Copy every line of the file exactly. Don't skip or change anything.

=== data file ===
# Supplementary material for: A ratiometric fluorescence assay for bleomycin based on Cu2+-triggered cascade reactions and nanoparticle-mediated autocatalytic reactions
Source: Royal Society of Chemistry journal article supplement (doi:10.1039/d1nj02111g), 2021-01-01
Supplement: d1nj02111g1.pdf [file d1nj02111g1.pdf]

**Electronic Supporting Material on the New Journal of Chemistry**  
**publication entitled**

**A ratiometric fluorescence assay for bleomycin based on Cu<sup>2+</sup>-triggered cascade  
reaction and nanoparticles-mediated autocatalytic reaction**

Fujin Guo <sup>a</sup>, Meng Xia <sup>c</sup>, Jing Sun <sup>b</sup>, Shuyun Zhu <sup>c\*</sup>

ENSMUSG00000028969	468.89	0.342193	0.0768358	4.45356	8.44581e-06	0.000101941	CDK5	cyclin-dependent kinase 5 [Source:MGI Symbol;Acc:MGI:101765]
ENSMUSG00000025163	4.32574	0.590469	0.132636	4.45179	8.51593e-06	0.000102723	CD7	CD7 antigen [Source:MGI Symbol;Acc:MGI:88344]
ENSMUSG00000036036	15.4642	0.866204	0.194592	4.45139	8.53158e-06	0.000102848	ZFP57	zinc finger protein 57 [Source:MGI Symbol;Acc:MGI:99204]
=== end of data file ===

# Supplementary material for: A ratiometric fluorescence assay for bleomycin based on Cu2+-triggered cascade reactions and nanoparticle-mediated autocatalytic reactions
Source: Royal Society of Chemistry journal article supplement (doi:10.1039/d1nj02111g), 2021-01-01
Supplement: d1nj02111g1.pdf [file d1nj02111g1.pdf]

**Electronic Supporting Material on the New Journal of Chemistry**  
**publication entitled**

**A ratiometric fluorescence assay for bleomycin based on Cu<sup>2+</sup>-triggered cascade  
reaction and nanoparticles-mediated autocatalytic reaction**

Fujin Guo <sup>a</sup>, Meng Xia <sup>c</sup>, Jing Sun <sup>b</sup>, Shuyun Zhu <sup>c\*</sup>

ENSMUSG00000028969	468.89	0.342193	0.0768358	4.45356	8.44581e-06	0.000101941	CDK5	cyclin-dependent kinase 5 [Source:MGI Symbol;Acc:MGI:101765]
ENSMUSG00000025163	4.32574	0.590469	0.132636	4.45179	8.51593e-06	0.000102723	CD7	CD7 antigen [Source:MGI Symbol;Acc:MGI:88344]
ENSMUSG00000036036	15.4642	0.866204	0.194592	4.45139	8.53158e-06	0.000102848	ZFP57	zinc finger protein 57 [Source:MGI Symbol;Acc:MGI:99204]